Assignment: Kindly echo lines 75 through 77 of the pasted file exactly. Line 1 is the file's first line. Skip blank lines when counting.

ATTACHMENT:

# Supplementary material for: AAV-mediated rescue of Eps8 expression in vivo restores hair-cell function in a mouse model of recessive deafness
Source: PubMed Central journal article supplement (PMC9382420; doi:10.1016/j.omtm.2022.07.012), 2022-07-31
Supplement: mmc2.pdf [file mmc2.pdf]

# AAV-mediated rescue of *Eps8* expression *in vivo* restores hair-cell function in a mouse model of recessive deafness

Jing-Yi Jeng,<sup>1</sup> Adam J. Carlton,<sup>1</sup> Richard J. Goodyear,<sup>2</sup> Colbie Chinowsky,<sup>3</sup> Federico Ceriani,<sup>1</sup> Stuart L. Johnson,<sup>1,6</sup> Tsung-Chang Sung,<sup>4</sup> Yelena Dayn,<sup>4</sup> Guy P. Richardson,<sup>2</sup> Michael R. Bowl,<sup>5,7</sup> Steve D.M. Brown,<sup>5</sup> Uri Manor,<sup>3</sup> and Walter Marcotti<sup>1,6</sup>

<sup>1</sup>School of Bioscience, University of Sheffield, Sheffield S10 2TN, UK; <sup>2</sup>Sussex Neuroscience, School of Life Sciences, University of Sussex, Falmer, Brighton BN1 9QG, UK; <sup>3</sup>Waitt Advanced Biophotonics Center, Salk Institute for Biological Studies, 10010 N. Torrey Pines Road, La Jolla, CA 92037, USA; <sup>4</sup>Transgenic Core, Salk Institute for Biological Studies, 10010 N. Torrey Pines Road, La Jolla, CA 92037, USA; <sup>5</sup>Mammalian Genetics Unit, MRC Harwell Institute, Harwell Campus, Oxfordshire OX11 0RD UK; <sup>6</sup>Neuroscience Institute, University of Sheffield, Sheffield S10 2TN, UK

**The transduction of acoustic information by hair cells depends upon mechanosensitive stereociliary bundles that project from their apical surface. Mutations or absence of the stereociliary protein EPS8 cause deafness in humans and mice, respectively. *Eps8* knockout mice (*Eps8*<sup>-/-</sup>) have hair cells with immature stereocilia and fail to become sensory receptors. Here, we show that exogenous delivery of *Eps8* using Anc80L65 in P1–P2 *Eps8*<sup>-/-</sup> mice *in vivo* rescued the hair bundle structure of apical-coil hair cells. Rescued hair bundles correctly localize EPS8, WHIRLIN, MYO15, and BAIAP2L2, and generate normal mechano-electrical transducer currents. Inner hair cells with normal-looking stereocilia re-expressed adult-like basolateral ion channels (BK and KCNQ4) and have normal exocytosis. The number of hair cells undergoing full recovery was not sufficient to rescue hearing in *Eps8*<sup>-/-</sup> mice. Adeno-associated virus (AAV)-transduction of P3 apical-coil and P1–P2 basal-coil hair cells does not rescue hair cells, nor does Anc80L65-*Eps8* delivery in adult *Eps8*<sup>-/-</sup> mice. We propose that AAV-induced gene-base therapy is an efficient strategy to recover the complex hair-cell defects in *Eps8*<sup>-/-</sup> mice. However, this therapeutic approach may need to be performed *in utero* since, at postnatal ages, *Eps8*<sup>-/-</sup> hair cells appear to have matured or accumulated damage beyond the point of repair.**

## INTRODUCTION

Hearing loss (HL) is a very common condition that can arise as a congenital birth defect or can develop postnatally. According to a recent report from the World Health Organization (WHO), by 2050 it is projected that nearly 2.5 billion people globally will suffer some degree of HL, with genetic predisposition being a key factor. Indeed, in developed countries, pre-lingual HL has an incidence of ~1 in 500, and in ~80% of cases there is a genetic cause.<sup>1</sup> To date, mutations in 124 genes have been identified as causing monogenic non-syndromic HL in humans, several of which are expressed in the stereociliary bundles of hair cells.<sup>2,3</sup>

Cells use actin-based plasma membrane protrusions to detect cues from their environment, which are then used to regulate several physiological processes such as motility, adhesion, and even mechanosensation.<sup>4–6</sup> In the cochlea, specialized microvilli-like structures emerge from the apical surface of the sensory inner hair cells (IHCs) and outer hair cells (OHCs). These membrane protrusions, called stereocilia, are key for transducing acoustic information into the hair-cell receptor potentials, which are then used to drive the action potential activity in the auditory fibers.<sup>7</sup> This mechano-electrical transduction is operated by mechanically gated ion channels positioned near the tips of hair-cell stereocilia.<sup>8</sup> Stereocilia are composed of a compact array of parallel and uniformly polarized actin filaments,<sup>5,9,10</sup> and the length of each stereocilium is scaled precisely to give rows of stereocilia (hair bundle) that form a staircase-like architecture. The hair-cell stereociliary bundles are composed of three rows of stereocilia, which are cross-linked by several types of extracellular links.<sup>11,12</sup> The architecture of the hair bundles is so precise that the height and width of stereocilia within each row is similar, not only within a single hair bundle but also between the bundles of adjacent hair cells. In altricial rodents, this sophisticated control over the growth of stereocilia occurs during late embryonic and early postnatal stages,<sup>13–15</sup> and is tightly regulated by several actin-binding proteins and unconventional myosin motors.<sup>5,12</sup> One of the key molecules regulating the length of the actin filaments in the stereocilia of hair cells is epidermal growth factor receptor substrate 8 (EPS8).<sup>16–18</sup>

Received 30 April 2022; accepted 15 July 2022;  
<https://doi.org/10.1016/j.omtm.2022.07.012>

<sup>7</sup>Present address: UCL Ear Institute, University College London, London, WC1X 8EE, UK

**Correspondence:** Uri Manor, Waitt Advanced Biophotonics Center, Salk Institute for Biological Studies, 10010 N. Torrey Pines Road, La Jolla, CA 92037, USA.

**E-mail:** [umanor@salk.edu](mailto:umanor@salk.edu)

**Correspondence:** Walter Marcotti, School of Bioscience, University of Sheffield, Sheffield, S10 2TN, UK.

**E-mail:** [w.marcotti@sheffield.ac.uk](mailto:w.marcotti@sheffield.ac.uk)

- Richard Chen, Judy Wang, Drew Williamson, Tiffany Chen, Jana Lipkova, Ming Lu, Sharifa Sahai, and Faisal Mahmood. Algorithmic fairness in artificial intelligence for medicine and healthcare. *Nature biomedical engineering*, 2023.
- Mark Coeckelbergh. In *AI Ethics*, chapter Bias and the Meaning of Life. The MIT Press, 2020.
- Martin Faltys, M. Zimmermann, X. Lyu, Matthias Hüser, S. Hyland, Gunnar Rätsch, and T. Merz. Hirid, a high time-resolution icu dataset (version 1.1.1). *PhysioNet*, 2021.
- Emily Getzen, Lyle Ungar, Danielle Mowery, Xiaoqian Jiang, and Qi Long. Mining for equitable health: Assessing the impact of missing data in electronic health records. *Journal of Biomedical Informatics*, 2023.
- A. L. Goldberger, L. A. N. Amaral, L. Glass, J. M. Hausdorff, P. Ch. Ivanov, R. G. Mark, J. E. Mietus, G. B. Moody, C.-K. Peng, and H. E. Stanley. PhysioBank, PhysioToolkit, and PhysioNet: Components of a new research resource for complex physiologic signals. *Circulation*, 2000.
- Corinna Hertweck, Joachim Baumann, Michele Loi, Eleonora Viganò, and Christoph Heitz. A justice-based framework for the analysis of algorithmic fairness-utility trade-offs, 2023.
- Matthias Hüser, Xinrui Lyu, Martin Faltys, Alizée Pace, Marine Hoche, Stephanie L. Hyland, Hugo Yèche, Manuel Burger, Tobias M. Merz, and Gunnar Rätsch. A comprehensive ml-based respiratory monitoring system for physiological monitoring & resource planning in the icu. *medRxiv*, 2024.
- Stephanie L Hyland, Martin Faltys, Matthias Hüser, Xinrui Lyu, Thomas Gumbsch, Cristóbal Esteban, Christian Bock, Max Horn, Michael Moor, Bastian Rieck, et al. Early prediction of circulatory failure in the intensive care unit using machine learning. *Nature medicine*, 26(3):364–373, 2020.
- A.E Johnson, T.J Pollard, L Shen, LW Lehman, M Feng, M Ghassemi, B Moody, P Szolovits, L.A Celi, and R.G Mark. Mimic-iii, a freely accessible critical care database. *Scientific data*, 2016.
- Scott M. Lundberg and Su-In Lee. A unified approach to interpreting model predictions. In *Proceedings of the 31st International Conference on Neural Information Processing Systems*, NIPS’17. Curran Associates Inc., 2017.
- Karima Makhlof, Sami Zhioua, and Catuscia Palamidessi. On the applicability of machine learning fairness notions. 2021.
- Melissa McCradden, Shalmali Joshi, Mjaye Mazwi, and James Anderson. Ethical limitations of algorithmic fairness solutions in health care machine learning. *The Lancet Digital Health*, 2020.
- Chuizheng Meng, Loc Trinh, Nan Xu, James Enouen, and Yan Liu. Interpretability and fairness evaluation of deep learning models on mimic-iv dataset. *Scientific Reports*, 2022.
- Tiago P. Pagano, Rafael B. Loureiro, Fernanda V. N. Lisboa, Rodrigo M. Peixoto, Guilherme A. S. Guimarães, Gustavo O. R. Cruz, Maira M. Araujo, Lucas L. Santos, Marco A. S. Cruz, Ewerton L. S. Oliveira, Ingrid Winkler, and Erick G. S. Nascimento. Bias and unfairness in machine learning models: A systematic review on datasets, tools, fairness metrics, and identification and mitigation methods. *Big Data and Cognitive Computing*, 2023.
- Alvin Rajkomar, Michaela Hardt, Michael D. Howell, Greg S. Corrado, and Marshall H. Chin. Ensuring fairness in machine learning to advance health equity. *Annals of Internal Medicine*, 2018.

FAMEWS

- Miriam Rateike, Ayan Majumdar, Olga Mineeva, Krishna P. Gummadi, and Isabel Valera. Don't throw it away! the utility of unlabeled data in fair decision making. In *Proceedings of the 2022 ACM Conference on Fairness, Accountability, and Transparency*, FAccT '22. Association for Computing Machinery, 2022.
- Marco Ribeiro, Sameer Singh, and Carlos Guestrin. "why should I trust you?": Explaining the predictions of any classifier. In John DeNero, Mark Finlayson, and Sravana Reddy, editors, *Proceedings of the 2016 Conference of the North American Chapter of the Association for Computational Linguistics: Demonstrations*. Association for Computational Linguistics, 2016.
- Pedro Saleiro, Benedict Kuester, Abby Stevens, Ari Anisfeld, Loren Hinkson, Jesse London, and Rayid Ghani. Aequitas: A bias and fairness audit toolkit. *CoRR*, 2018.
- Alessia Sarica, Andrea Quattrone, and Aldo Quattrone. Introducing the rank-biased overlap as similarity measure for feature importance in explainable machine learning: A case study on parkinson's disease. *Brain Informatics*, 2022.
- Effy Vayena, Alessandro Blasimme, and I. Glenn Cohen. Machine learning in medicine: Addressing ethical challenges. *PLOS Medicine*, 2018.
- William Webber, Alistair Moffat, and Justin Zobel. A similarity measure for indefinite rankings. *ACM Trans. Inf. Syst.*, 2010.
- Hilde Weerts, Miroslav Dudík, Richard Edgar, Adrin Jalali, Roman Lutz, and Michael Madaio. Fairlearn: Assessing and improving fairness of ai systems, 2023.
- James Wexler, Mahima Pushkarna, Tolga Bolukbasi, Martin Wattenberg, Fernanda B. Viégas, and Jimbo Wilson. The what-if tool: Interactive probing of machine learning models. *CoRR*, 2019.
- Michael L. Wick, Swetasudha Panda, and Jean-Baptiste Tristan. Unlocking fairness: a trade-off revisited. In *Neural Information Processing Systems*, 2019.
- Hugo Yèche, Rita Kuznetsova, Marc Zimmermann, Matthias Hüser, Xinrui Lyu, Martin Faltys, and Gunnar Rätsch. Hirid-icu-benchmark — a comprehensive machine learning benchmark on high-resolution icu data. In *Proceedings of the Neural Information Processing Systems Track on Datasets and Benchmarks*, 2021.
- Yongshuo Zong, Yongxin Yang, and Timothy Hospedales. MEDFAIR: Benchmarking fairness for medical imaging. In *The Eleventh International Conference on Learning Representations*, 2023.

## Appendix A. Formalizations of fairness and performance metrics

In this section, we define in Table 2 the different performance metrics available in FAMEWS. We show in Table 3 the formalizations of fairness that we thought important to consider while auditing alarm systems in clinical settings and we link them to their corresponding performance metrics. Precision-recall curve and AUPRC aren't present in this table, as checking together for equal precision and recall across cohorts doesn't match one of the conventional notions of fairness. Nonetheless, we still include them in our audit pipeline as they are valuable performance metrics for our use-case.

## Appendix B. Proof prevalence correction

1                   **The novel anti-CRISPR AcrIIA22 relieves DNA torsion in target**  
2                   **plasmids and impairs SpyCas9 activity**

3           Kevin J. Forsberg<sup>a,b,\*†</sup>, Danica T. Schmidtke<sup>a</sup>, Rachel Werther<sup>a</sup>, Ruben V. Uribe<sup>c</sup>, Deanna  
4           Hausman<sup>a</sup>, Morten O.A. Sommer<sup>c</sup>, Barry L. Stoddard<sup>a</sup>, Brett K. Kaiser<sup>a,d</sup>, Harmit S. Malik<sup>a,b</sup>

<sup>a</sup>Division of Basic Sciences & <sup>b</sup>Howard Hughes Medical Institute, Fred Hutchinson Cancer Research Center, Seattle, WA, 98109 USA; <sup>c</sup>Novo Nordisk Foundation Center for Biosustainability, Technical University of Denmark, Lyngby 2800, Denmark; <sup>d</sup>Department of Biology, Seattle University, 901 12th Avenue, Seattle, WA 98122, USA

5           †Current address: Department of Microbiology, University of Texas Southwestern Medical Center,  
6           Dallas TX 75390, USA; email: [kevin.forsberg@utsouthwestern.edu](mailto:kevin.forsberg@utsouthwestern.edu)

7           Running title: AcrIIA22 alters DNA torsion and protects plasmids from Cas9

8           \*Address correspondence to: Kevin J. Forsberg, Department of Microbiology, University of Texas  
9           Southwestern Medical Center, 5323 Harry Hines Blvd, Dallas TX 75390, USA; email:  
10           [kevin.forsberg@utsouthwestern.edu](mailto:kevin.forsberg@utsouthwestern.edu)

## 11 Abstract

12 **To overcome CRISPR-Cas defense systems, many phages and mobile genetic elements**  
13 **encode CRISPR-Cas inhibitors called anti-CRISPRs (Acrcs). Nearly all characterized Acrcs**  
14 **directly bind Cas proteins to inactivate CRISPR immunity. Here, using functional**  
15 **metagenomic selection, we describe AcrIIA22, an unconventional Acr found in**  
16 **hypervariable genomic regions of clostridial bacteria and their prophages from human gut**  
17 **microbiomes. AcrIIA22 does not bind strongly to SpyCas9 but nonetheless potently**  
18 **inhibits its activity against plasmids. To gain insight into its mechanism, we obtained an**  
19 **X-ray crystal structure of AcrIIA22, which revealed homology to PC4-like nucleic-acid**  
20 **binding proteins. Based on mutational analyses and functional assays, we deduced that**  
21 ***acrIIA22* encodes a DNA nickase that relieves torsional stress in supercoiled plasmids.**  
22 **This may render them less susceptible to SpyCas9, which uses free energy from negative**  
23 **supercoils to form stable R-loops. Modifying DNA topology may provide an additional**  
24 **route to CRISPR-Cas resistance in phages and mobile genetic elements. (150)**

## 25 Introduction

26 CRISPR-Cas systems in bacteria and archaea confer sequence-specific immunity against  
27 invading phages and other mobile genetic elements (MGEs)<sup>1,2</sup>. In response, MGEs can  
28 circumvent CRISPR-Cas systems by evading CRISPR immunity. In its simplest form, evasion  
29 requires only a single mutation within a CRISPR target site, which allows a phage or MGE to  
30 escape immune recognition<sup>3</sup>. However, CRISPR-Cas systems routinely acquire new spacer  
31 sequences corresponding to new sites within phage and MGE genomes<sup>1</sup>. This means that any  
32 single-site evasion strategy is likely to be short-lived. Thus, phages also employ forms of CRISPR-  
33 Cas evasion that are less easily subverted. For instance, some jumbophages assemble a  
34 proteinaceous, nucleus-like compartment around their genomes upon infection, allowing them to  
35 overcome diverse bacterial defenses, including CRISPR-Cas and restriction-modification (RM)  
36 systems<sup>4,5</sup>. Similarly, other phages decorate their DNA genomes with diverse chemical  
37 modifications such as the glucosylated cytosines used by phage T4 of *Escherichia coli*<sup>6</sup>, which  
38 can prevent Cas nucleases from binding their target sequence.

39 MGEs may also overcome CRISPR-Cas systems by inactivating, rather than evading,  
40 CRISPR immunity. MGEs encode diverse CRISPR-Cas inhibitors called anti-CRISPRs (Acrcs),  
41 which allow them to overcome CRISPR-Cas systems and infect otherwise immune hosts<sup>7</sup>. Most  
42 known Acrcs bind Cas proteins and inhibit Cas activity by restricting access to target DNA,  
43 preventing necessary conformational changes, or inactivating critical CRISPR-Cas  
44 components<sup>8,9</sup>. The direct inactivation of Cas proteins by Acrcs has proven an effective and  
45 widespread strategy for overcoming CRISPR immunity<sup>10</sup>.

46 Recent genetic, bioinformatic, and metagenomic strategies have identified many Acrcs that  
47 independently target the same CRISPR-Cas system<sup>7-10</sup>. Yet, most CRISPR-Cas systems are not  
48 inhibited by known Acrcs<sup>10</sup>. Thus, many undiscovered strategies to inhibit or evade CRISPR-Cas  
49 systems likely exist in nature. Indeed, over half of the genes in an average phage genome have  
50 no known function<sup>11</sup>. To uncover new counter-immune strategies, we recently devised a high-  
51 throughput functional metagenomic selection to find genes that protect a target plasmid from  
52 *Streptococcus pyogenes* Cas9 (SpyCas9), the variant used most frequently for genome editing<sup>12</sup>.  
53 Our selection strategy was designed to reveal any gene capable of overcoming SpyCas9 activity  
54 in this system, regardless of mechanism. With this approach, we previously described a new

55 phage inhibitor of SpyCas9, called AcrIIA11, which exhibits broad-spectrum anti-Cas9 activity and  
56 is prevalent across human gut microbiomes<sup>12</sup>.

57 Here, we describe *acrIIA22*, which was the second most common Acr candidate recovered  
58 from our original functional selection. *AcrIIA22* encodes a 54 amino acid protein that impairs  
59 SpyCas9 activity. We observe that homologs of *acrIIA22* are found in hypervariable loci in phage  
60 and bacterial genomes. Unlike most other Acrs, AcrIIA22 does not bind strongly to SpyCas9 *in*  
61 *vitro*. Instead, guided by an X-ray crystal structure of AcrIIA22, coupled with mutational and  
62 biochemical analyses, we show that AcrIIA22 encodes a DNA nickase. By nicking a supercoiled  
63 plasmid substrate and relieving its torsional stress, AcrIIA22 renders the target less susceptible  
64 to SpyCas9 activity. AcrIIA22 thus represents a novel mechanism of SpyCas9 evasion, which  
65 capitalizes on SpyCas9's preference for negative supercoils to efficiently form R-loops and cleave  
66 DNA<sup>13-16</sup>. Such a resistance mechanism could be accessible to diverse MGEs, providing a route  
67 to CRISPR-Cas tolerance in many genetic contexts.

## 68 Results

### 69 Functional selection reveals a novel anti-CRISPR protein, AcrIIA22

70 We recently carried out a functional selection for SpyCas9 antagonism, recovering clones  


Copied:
27 invading phages and other mobile genetic elements (MGEs)<sup>1,2</sup>. In response, MGEs can  
28 circumvent CRISPR-Cas systems by evading CRISPR immunity. In its simplest form, evasion  
29 requires only a single mutation within a CRISPR target site, which allows a phage or MGE to  